Alex Lo
SCMP Columnist
My Take
by Alex Lo
My Take
by Alex Lo

Modern physics and movie nudity, or how I passed my science week

  • ‘Oppenheimer’ the movie got on my nerves, so I reread a book by Werner Heisenberg to calm down

I finally got to watch Oppenheimer on my go-to “free” movies site. It claims it’s all legal so who am I to question about copyright issues?

It’s the second time I watched it and I still can’t decide if I like it or hate it. It certainly showed more skin than it needed, such as showing a naked Oppenheimer having sex. That’s way more than anyone needed to see or imagine. What is it about contemporary biopic movies that keep taking the clothes off real-life scientists who were usually known for the beauty of their minds?

There was Ammonite, about a little-known but important 19th-century palaeontologist called Mary Anning and her lifelong friendship with another woman. There was zero biographical evidence that the two were lovers. And yet, you have Kate Winslet and Saoirse Ronan having hot lesbian sex. Granted, that one I objected to less than seeing Cillian Murphy play Oppenheimer in the nude, however charismatic the Irish actor was.

There was also a brief self-indulgent self-parody by the director Christopher Nolan in Oppenheimer that the audience could easily miss, so it might be forgivable. In the scene, Oppenheimer took off his army uniform in exchange for his trademark wide-brim fedora hat, tie and tobacco pipe laid neatly before him. That was Bruce Wayne discovering his true self with the Batman suit hung before him in one of those previous Nolan blockbusters.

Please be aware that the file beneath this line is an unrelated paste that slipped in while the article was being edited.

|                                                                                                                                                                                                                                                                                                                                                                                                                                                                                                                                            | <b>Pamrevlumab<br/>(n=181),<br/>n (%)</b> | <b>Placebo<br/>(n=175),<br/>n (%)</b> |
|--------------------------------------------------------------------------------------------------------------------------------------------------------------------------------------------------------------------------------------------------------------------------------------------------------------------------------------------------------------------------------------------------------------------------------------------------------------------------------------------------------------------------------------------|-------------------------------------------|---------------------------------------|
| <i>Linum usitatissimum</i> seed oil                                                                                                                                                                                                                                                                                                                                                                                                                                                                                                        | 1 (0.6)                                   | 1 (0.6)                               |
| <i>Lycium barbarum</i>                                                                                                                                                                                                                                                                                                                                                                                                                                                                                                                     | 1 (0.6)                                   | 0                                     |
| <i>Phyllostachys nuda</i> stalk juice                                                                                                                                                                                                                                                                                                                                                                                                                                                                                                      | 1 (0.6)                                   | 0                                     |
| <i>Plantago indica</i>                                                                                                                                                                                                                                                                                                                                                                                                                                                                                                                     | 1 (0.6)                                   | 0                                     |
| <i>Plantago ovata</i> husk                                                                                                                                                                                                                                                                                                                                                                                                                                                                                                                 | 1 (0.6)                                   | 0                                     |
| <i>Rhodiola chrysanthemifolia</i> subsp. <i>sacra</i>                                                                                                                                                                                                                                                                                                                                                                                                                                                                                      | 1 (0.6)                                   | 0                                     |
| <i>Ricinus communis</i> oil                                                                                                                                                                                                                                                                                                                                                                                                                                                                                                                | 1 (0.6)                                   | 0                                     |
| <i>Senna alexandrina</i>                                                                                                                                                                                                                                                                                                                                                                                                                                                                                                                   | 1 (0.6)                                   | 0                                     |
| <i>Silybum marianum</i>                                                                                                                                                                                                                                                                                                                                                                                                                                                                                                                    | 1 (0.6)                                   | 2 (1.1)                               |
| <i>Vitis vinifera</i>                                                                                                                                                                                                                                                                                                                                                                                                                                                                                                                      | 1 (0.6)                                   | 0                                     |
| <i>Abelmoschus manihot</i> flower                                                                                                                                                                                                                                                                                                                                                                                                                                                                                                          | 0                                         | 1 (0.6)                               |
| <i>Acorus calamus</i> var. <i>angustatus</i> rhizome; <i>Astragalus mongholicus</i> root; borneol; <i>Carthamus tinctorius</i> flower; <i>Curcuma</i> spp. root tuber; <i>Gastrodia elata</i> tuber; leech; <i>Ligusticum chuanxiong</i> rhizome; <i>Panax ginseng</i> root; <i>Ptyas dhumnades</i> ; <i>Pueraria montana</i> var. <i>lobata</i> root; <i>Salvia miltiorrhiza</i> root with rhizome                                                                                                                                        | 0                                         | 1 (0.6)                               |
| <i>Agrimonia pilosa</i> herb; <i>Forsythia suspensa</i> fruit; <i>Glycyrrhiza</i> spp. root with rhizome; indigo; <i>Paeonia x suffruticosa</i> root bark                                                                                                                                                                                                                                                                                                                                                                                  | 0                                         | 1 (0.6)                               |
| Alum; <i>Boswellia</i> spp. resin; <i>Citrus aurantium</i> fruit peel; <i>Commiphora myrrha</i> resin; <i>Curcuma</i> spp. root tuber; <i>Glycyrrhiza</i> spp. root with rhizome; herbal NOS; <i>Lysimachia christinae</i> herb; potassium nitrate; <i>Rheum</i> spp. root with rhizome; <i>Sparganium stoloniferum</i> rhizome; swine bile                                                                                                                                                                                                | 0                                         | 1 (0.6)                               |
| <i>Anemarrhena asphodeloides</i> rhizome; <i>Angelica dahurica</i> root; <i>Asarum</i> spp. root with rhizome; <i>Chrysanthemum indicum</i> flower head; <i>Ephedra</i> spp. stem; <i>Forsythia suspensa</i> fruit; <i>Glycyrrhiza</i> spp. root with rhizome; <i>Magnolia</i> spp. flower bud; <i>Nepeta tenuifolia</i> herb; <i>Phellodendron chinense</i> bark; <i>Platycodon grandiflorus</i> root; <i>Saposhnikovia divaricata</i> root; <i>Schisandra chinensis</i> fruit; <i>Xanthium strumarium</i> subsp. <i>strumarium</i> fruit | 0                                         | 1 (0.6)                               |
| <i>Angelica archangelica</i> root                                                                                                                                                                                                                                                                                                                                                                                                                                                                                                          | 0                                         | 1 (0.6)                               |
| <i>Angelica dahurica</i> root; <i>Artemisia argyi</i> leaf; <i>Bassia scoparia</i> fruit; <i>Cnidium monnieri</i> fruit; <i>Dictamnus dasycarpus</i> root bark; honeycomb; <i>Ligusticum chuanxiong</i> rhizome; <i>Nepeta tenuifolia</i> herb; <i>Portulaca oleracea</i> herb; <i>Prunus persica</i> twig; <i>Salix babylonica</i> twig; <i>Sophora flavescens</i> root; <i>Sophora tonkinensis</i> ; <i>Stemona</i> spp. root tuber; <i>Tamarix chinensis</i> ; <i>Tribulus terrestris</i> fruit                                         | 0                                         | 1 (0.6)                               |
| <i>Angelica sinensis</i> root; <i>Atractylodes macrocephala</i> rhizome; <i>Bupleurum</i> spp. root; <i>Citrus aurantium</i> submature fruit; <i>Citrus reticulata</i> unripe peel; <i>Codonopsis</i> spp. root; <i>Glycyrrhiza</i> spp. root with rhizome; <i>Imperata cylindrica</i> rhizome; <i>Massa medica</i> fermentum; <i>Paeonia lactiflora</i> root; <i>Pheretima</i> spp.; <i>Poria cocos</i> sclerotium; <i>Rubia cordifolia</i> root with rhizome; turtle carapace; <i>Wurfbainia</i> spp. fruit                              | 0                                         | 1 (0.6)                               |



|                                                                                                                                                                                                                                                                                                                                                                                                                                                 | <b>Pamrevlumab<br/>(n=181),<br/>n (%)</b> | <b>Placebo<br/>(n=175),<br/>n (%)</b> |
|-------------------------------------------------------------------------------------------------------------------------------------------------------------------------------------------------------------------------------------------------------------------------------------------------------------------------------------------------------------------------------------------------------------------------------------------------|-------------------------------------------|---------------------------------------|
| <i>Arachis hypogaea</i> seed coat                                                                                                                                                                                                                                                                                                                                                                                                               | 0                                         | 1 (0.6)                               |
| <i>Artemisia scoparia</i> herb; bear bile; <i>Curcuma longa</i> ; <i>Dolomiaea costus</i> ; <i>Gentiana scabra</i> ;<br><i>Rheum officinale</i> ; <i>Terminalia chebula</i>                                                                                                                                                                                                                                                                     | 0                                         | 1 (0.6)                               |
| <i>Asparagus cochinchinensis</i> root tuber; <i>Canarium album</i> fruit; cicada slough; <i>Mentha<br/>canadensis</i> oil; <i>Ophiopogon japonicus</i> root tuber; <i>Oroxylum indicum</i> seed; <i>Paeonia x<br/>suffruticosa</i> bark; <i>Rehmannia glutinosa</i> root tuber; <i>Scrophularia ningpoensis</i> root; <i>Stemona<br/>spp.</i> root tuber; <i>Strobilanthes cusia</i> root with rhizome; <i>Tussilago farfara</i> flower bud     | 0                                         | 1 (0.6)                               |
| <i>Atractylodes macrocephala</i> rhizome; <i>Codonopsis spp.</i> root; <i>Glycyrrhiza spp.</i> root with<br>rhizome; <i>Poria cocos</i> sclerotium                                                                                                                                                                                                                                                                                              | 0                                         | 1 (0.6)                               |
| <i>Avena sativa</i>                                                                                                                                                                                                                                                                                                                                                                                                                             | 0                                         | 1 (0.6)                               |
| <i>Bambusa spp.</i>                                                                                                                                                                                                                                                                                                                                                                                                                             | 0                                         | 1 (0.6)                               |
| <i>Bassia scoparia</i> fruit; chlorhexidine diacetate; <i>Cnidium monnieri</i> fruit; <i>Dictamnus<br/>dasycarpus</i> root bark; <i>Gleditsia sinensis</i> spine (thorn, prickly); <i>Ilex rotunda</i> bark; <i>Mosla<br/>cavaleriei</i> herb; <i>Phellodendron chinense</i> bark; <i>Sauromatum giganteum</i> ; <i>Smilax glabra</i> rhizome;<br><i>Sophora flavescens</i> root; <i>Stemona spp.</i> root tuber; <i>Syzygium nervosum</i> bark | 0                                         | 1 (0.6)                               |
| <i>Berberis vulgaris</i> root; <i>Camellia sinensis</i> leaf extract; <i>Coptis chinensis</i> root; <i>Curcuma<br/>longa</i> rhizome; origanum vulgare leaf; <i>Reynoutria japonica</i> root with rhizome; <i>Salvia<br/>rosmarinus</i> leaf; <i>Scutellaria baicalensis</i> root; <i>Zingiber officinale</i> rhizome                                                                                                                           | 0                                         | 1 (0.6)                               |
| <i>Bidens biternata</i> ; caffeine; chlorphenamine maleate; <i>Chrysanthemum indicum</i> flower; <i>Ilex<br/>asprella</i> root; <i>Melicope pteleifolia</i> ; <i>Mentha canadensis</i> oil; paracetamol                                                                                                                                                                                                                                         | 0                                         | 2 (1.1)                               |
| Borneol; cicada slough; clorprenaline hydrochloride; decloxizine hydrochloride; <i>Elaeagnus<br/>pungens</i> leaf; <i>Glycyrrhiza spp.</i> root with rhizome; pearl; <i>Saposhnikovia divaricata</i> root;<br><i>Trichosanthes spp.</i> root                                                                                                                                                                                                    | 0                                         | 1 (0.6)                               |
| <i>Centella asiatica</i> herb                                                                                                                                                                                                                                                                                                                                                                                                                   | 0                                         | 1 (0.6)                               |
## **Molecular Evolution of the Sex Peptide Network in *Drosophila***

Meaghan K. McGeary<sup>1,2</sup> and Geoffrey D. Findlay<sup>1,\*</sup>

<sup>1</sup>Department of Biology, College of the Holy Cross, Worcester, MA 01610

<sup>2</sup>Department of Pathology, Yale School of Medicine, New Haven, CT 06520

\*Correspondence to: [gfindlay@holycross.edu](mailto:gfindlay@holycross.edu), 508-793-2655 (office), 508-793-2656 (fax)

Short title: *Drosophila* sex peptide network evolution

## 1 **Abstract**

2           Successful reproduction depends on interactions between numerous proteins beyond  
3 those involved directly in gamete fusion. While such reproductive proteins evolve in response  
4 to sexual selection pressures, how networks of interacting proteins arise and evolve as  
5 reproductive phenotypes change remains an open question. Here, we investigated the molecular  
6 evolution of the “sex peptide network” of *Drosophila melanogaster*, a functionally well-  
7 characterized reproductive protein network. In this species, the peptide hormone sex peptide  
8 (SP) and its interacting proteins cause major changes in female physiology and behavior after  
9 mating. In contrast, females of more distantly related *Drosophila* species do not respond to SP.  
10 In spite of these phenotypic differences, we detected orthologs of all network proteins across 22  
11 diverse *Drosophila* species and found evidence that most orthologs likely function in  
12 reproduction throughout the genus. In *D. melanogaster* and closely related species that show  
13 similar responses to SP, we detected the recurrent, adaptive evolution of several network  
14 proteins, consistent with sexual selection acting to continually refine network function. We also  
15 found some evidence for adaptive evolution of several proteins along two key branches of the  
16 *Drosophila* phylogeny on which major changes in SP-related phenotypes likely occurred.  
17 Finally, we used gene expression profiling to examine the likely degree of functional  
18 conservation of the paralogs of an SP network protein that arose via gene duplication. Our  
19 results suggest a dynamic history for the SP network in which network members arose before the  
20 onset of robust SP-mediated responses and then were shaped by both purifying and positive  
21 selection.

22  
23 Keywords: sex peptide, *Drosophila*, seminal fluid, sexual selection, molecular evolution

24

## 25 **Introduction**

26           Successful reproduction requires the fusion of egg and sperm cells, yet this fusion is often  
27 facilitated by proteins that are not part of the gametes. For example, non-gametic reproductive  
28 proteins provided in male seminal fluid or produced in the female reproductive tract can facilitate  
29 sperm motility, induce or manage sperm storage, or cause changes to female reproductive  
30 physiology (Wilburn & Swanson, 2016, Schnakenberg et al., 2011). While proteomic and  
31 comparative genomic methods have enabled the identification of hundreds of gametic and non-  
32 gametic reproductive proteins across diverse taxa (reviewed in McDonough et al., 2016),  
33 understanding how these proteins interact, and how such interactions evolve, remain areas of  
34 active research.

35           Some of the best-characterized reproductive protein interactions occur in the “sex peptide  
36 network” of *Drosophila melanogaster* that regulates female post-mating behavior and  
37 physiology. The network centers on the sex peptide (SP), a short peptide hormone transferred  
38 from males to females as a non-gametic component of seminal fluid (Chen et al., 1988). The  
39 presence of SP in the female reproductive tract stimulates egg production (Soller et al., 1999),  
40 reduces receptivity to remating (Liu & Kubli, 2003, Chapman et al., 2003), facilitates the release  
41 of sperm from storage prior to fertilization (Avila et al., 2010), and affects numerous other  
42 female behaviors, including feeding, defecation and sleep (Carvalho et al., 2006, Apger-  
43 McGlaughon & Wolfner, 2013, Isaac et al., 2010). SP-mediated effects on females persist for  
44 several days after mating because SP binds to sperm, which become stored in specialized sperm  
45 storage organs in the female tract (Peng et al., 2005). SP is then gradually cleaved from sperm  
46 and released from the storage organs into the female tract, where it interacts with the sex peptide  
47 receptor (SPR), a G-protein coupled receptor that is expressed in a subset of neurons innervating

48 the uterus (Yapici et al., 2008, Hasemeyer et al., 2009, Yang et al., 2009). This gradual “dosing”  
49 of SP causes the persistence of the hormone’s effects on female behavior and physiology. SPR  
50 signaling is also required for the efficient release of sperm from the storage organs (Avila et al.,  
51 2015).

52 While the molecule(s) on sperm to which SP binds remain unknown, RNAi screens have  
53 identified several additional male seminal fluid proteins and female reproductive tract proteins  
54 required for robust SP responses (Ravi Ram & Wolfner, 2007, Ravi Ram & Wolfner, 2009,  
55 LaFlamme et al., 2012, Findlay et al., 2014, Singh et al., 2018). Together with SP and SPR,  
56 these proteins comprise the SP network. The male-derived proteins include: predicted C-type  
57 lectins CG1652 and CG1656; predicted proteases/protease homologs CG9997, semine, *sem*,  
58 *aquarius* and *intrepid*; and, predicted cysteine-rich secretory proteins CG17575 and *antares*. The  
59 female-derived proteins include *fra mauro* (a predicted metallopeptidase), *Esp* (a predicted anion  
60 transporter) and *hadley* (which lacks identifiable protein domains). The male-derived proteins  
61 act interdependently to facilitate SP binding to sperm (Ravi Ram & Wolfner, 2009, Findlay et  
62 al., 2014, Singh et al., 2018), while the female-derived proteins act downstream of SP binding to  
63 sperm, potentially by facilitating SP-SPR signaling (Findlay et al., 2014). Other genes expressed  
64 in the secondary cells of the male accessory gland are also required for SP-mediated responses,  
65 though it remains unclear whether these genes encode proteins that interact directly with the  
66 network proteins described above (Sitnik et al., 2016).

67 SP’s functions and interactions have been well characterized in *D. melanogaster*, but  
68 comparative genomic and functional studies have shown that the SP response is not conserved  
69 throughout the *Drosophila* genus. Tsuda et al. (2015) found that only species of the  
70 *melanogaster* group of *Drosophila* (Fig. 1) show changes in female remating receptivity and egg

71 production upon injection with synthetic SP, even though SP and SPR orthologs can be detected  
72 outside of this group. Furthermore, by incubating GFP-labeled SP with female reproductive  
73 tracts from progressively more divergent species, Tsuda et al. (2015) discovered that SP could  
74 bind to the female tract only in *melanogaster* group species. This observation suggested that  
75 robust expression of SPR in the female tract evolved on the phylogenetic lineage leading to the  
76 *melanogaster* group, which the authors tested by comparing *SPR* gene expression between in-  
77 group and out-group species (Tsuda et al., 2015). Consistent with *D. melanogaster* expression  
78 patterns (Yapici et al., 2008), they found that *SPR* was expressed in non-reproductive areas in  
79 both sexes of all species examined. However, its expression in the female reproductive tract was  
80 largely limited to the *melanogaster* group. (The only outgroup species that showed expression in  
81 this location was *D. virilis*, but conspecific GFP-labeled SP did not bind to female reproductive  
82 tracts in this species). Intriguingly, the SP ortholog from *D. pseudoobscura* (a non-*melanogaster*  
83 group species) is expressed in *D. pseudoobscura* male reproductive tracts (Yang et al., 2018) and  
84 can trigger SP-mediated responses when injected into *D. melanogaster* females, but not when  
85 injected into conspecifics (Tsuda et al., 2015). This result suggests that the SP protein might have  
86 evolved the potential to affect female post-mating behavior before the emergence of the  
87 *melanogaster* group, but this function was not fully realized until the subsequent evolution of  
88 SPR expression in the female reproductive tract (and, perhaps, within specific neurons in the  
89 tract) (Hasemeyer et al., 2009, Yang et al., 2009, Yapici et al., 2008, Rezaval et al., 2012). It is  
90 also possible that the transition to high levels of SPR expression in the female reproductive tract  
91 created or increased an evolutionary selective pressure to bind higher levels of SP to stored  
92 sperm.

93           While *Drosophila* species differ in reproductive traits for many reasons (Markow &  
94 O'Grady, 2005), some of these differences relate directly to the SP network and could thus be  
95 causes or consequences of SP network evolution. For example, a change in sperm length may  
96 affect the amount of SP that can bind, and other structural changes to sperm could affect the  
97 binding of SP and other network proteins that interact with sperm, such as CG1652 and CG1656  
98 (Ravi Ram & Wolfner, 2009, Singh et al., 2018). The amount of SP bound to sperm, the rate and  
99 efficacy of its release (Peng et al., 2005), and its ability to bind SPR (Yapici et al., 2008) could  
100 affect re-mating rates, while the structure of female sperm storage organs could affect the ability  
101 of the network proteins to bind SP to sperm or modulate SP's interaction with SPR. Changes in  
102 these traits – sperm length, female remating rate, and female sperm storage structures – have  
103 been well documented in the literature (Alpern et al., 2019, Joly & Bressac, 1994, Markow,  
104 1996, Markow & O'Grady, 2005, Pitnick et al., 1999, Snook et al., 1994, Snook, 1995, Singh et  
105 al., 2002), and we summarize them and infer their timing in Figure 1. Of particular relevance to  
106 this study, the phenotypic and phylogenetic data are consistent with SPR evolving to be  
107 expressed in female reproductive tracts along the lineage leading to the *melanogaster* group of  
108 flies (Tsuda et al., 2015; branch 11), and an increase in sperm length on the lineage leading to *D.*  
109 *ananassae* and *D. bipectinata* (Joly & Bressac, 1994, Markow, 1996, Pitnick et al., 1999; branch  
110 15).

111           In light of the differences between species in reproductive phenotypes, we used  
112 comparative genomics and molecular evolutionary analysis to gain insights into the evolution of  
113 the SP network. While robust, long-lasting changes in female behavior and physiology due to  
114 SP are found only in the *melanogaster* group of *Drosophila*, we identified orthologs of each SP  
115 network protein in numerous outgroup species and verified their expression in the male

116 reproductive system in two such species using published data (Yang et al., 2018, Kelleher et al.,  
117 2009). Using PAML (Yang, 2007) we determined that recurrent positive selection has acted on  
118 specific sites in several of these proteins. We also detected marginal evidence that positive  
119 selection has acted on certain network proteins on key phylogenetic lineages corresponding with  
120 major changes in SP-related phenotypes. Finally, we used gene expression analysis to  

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So, what’s my new takeaway after watching it a second time? Well, it brings back a memory in Hong Kong. When an old neighbour, a retired professor – his father-in-law was the first Chinese from the mainland to earn a PhD in physics in the United States – learned that I studied philosophy in college, he said, “Boy, your dad must have lots of money [to waste].” He didn’t actually say the last two words, but that was what he meant.

Why this memory? Because I couldn’t think of two more opposite academic subjects, one being pretty useless while the other is so powerful it produced weapons that could wipe out humanity.

For a very long time, I avoided telling people what I studied in college. It was a bit like telling them you had herpes. Now, though, I don’t care. That’s the good thing about impending old age – you care less and less about anything. There was another bad memory.

You know how with the new-style online porn, the director or cameraman sometimes interviews the porn star before the actions. I once watched a clip where the lady was asked about her level of education. College, she replied. What did you major in? Well, you can guess her answer! That was a complete turn-off; I didn’t watch the rest of the clip.

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Nowadays, though, I feel less useless or IQ-challenged having studied philosophy. I am actually kind of glad I did, because philosophy now is more like a hobby such as carpentry, not a discipline, unless you are an academic, and there is nothing to be ashamed of if you love playing with wood.